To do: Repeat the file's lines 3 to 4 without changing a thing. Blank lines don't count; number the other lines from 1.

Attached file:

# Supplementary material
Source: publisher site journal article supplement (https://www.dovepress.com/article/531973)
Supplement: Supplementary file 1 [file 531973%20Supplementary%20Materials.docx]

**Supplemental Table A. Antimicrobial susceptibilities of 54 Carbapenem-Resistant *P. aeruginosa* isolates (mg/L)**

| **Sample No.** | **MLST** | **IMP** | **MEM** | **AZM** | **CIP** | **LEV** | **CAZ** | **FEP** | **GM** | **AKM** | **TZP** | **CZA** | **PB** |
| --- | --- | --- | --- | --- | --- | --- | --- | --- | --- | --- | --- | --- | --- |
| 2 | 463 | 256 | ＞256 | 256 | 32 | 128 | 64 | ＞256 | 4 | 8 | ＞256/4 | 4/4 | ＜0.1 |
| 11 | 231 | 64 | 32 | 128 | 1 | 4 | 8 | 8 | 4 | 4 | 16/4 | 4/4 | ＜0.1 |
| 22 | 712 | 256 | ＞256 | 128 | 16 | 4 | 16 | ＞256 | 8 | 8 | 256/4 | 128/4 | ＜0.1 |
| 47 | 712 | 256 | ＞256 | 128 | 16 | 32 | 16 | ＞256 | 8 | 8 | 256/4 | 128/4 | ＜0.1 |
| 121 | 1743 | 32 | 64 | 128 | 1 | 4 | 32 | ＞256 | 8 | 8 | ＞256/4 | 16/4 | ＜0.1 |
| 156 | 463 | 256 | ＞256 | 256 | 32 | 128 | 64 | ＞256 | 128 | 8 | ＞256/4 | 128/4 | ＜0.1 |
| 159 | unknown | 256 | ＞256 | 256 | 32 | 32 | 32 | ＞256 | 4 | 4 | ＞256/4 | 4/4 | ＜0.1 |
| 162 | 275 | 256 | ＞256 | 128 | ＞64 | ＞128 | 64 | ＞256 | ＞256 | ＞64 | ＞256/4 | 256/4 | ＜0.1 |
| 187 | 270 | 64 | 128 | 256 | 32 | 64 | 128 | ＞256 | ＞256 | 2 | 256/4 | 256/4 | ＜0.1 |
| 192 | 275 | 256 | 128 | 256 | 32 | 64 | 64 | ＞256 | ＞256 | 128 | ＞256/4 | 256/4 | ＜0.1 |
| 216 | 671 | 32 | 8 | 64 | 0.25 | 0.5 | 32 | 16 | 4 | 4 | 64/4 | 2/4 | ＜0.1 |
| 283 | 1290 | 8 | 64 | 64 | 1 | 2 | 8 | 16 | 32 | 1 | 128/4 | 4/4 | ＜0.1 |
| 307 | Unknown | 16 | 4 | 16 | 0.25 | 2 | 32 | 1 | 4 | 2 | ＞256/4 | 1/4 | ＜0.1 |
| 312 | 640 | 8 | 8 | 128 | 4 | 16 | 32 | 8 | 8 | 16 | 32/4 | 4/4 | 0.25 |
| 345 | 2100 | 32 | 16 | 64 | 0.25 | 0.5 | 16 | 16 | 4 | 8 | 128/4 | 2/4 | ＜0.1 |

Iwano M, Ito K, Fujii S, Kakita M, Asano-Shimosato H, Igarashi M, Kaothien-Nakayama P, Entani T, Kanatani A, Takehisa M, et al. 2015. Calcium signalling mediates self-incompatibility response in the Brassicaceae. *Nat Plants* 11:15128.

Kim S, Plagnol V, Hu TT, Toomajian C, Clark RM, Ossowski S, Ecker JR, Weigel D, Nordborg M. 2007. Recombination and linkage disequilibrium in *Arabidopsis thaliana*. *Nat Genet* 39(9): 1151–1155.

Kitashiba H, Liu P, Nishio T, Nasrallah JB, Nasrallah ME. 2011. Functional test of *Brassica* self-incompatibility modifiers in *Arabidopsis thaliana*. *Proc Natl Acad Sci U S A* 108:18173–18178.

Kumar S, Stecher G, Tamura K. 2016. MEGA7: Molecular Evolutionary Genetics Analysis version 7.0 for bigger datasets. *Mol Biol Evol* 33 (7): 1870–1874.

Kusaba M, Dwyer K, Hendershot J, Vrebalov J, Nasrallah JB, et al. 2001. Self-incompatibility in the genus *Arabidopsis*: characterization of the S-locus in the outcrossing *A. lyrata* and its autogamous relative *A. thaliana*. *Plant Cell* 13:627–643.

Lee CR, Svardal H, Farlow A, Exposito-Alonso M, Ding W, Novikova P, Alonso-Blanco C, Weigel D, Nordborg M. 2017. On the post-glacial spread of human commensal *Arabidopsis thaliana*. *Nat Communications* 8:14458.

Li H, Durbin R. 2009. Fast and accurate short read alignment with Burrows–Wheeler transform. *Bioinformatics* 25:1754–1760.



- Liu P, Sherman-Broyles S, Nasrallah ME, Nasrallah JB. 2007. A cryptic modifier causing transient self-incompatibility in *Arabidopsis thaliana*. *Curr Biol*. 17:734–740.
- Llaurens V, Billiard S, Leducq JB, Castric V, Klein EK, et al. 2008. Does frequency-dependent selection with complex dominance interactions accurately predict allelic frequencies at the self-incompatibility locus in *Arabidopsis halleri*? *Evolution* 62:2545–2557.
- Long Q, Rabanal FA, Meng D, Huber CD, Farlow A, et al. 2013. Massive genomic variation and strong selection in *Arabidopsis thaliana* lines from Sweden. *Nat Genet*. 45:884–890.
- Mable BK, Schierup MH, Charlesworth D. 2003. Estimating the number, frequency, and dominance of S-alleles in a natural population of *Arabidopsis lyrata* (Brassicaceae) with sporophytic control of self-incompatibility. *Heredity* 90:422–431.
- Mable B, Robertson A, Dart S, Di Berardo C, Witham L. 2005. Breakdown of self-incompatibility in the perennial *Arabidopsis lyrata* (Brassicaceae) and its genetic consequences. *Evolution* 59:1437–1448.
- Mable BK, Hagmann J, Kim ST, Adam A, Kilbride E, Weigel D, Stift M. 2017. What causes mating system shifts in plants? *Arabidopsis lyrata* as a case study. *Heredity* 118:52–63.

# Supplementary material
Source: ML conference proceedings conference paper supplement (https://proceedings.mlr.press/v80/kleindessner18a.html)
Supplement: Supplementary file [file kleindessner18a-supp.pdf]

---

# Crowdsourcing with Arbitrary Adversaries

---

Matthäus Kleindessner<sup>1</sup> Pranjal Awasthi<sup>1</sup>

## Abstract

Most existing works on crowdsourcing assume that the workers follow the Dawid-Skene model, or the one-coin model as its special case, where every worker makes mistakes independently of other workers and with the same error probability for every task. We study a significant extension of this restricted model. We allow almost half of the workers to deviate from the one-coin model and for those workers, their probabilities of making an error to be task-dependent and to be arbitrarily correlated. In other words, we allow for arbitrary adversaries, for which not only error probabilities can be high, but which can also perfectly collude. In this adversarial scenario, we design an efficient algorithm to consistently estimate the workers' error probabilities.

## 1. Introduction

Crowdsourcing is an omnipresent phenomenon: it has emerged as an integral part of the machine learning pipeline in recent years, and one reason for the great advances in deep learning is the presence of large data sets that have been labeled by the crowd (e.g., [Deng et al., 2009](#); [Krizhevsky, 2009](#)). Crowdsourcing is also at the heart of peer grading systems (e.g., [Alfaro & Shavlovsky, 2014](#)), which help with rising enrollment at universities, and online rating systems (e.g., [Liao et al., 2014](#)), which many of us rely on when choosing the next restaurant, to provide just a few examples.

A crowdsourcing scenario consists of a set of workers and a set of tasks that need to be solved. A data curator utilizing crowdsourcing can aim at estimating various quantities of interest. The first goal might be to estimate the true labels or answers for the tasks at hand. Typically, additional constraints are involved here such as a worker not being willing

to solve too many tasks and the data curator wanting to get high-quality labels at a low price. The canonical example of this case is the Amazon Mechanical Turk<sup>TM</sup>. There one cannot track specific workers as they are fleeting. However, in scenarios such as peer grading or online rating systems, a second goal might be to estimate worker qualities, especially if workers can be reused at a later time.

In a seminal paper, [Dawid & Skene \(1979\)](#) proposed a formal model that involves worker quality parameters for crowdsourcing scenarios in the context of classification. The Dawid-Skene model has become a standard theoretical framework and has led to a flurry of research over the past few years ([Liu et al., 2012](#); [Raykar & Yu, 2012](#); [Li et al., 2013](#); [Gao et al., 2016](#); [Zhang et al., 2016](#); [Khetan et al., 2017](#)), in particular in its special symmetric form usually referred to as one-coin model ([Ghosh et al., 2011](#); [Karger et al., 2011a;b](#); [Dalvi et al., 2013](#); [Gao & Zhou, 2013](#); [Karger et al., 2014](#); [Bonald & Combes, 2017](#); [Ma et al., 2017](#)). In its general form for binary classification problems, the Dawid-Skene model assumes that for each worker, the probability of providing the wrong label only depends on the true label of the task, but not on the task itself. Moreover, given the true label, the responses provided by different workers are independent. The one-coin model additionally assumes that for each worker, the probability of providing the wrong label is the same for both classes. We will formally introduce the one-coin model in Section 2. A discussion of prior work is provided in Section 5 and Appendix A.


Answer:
Supplement: Supplementary file 1 [file 531973%20Supplementary%20Materials.docx]

**Supplemental Table A. Antimicrobial susceptibilities of 54 Carbapenem-Resistant *P. aeruginosa* isolates (mg/L)**